New England as future center of U.S. manufacturing

From Robert Whitcomb's "Digital Diary'' column in

The future of American manufacturing may lie far more in such high-wage, high-tax, high-tech places as Massachusetts and Silicon Valley than in Rust Belt heavy  industry, whose current and former employees President Trump appealed to so successfully in his unlikely ‘black swan’’ presidential campaign. Mr. Trump told his fans that foreign competition has been a disaster to jobs in such old-line sectors as steel. But in fact about 85 percent of the manufacturing jobs lost in the past few decades was due to automation and (related) computerization, not to globalization/imports.

That will not change, whatever the president’s protectionist promises. Companies will continue to seek to maximize profits for shareholders, which of course generally include senior corporate managements. Mr. Trump, who has shown himself fabulously greedy, must understand, whatever his rhetoric. The fewer people you have to pay to make the same products, the more money for shareholders. With artificial intelligence now coming on strong, the evisceration of the traditional workforce can only intensify.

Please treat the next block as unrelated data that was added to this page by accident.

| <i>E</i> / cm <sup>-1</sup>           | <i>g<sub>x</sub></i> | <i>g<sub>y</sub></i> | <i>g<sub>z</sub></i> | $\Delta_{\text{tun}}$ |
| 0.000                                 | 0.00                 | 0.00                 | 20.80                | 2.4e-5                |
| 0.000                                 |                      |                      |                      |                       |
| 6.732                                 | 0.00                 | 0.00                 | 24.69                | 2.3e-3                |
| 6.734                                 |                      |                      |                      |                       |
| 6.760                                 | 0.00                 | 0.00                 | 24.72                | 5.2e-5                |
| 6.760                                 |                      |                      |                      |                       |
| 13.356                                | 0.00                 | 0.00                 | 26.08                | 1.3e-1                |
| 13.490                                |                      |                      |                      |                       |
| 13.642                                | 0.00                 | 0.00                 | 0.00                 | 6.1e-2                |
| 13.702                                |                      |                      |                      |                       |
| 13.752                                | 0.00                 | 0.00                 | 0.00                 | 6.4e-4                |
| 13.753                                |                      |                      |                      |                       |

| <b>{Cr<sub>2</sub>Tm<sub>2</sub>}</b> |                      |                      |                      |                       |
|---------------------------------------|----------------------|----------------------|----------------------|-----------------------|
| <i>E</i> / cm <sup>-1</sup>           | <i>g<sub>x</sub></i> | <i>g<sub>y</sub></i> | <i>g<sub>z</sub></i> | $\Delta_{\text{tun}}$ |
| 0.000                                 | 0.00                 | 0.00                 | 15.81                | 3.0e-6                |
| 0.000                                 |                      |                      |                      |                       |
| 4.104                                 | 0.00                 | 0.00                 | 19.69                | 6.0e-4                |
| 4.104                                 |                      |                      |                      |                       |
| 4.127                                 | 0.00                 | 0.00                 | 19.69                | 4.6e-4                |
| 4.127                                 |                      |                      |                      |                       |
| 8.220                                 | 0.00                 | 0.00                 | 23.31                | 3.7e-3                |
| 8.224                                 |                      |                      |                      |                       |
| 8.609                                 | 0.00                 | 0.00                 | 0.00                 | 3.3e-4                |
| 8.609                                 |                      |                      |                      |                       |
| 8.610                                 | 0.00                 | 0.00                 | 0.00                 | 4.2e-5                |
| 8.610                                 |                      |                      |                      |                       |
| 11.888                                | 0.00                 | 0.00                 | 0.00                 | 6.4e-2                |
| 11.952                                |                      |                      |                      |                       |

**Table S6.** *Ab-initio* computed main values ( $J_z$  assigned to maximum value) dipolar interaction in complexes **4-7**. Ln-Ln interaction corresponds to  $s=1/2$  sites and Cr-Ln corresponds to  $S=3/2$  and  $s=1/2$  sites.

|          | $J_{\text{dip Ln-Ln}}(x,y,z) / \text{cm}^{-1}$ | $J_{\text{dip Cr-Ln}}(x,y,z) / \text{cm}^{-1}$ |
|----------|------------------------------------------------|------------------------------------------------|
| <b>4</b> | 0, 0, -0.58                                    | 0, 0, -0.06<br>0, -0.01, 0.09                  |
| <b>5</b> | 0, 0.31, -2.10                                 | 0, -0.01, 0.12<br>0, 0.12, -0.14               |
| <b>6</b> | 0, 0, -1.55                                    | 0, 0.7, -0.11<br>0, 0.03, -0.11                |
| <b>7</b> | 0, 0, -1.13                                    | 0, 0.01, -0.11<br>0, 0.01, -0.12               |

In any event, governments that invest in good K-12 and college education and have other good public services will grab most of the new manufacturing jobs because those positions will require far more knowledge of science and technology than did working in, say, old-fashioned steel, auto and glass plants. There won’t be all that many of these new jobs, but those who have them will be very well paid.

Thus New England, where much of American manufacturing began, may become in the next few decades a manufacturing center that eclipses the 20th Century industrial powerhouses in the Upper Midwest. (I have followed this for many years, as a business editor and as someone part of whose family was in such  Midwestern industries as steel.)